Buffalo Station (1997-98) by Peter Doig sold at Sotheby’s Contemporary Art Sale for £7.5 million (including buyer’s premium). Image courtesy of Sotheby’s.
Was the Banksy prank a convenient distraction from more serious issues in the art market?
The media is still inundated with reports of the shredding Banksy stunt, which offered a convenient distraction from many more serious issues facing the auction market. Now that the dust from the media storm has settled, it’s important to examine with clear eyes the larger issues in the Post-War and Contemporary market today.
Post-War and Contemporary Evening Sales are down 8.7%
The reaction to last week’s evening auction sales was muted. Sales growth was down for the first time in five years, after October sales grew by more than 200% from 2013 to 2017. The market did not respond to Christie’s strategy to place all bets on Frieze week in lieu of a June sale, and the overall decline was largely due to Christie’s falling short. For a more in-depth break down of the auction turnover, reference ArtTactic’s Post-War and Contemporary Evening Sales report from October 2018. Just what might have caused this market reversal?
Finding “Evening Sale Quality” Inventory is Getting Harder
Lack of inventory seems to be forcing auction houses to change scheduling, merge sales categories and in general make it harder for the market to draw year-on-year comparisons. Dressing up inventory by rescheduling and restructuring sales may help boost short-term market confidence, but it could disguise a market struggling to maintain is forward and upward momentum. The overall number of lots offered in the sales are decreasing, with the October Post-War & Contemporary sales down from 162 lots last year to 133 this year. Christie’s evening auction in October 2017 had 91 lots compared to just 45 last week, whilst Sotheby’s boosted their lot count from 39 in 2017 to 56 this year. This increase for Sotheby’s, however, came at the price of scrapping their Italian sale. 11 Italian lots that would have previously been included in the Italian sale were added to the Post-War & Contemporary sale.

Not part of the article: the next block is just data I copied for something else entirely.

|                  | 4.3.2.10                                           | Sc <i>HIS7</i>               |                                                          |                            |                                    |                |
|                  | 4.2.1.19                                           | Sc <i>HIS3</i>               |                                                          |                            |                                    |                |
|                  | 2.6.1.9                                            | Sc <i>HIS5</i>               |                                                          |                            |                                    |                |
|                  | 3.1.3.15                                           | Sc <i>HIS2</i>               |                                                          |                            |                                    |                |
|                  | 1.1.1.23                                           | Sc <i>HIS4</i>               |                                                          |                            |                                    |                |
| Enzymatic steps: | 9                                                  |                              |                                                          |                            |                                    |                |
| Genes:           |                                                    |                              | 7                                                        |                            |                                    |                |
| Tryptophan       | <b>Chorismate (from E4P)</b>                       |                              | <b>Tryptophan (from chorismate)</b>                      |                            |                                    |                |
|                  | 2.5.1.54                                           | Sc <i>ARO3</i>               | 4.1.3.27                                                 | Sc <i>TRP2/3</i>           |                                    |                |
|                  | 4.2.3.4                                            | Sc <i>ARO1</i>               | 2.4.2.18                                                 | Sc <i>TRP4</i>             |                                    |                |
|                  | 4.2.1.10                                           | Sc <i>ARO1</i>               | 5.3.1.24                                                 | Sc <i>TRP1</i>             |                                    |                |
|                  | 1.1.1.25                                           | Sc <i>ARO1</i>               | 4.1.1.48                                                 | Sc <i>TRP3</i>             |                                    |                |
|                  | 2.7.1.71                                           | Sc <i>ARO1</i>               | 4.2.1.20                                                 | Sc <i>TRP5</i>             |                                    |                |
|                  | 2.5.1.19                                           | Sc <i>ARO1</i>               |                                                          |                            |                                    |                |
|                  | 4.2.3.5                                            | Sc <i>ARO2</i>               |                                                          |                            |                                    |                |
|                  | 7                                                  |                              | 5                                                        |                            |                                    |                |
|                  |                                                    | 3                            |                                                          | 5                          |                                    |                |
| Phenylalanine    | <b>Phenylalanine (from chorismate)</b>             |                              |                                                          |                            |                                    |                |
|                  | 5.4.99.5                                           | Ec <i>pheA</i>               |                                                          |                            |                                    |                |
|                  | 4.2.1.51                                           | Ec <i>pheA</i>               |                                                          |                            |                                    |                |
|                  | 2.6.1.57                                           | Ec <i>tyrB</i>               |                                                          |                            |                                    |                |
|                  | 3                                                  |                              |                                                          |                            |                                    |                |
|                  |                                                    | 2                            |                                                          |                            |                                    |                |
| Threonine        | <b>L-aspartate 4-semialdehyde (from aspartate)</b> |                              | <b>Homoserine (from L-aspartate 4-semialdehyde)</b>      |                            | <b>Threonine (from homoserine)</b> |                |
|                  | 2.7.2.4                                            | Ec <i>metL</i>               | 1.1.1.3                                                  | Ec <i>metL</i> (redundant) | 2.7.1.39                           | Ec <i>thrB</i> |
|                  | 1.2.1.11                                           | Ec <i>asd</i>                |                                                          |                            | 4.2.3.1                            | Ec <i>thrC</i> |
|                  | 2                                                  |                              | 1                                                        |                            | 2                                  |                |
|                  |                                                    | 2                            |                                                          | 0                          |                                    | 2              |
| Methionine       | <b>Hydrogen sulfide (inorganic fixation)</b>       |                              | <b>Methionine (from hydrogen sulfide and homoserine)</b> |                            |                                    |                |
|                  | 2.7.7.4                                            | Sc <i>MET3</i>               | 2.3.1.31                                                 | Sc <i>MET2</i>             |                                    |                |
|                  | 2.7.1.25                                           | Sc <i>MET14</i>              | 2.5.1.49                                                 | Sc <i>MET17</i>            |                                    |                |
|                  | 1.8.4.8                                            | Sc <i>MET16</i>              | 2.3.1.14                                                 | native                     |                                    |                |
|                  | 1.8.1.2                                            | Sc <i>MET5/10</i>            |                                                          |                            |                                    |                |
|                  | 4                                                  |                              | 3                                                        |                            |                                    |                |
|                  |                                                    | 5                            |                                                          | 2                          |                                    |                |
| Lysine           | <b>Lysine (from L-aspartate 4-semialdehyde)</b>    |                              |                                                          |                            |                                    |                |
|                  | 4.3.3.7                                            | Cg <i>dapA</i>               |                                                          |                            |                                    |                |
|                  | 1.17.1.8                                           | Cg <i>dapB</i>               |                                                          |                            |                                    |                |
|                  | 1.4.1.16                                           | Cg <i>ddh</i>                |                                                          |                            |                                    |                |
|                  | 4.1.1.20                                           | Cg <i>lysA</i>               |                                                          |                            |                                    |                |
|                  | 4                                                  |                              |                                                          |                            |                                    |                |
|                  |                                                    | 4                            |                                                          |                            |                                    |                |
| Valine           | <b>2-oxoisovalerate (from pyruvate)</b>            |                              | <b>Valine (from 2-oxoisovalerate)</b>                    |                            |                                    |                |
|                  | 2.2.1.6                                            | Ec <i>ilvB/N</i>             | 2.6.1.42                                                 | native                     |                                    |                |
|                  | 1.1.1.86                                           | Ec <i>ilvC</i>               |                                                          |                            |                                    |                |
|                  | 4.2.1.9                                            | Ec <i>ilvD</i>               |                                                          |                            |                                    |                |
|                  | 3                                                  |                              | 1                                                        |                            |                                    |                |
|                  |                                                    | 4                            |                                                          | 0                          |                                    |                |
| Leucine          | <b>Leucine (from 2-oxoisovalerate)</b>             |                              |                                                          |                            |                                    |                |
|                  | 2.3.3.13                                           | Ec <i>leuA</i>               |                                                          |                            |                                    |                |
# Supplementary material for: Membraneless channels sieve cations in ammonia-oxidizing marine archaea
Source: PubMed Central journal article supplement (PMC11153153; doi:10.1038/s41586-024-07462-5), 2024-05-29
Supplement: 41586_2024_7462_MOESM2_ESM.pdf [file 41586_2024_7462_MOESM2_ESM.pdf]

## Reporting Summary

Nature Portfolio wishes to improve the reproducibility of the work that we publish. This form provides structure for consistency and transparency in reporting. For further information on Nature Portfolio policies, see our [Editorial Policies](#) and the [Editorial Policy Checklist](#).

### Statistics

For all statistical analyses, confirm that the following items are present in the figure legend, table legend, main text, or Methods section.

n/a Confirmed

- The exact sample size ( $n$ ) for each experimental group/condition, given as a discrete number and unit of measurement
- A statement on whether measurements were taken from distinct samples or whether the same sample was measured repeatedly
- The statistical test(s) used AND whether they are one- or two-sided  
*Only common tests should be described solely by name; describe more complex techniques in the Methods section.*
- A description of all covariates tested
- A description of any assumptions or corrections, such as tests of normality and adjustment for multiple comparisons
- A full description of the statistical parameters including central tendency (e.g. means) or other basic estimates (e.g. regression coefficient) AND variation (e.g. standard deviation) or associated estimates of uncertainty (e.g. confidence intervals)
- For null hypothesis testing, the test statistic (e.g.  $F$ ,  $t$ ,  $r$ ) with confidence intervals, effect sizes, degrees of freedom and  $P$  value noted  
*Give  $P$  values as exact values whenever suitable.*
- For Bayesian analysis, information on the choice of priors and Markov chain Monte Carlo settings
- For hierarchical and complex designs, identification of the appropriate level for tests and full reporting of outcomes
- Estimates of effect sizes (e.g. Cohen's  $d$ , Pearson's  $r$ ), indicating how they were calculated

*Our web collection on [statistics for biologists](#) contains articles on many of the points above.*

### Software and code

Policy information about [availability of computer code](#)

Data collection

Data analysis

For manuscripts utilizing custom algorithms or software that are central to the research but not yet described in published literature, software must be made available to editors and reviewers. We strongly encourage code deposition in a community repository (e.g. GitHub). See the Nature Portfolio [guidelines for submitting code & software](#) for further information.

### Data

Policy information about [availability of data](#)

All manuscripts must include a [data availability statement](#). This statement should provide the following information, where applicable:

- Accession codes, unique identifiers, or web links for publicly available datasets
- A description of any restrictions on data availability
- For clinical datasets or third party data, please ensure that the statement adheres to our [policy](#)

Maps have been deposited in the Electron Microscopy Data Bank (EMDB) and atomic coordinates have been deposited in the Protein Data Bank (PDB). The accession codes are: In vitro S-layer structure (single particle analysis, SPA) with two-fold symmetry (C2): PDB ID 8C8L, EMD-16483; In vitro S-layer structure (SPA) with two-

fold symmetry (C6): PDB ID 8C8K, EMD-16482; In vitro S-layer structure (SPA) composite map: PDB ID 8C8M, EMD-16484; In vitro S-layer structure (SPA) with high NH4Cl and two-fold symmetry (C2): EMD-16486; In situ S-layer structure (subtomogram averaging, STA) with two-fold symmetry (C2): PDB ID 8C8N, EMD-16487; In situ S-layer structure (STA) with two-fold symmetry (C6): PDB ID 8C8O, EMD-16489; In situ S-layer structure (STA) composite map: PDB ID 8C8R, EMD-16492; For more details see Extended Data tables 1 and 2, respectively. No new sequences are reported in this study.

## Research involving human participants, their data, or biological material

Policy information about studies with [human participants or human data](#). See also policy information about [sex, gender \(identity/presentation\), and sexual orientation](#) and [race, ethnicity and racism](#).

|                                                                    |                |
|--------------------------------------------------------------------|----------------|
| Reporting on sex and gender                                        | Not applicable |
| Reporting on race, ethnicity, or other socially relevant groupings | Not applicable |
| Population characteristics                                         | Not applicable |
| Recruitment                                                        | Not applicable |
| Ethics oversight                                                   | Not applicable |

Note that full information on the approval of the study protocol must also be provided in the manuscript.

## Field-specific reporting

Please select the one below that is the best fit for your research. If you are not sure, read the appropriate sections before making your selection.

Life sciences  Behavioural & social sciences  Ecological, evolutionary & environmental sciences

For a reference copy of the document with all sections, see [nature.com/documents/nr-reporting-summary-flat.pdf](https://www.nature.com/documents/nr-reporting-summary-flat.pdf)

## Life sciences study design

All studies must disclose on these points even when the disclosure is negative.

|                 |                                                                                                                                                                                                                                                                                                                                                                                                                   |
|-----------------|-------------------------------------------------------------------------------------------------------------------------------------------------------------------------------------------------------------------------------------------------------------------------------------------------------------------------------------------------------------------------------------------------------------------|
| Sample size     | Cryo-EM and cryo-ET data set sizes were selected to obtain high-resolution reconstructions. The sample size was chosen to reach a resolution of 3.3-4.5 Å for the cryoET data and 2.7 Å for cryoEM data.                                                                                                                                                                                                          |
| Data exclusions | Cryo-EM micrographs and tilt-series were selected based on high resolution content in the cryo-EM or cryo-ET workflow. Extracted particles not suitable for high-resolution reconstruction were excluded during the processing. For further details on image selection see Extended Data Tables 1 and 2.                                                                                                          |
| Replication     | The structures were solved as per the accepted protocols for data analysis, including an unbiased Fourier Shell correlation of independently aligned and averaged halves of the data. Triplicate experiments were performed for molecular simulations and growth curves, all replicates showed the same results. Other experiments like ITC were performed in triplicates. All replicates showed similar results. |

Decreasing Confidence in Current Price Levels
Has price confidence in the art market reached its zenith? ArtTactic’s latest Contemporary Art market Confidence Report demonstrates that overall market confidence is down by 24% among key players, due to economic and political uncertainty. This uncertainty may be caused by a spill-over into the higher end of the market. Last week a total of 20 lots with an aggregate low estimate of £41.6 million failed to find buyers across the evening sales, accounting for 26% of the total pre-sale low estimate. Three high-end lots (Gerhard Richter, Jeff Koons and Mark Grotjahn) made the largest impact, give their combined total low estimate of £28 million. However, none of these were guaranteed, which poses the following question.
Guarantees keep breathing life into the new market, but for how long?
Auction houses continue to tread ever further into dangerous territory as their percentage of guaranteed lots increases. The idea that top-end works must rely on the life-support of financial guarantees in order to sell is problematic. This year the number of guaranteed lots has increased from 53.1% from last year’s 32%. Guarantees are becoming so common-place that they are becoming a bench-mark for the value of a work. For example, if a work is not guaranteed, does this mean there could be issues with the quality of the art work? Or does the market immediately infer that estimates are too high and the piece is mis-priced? It’s no surprise that the top end of the market is completely dependent on financial guarantees, but does this mean that the market is becoming captive to short-term financial speculation?
To access more information about auction market data mentioned in this article, refer to ArtTactic’s report on Post-War and Contemporary London Evening Sales in October 2018.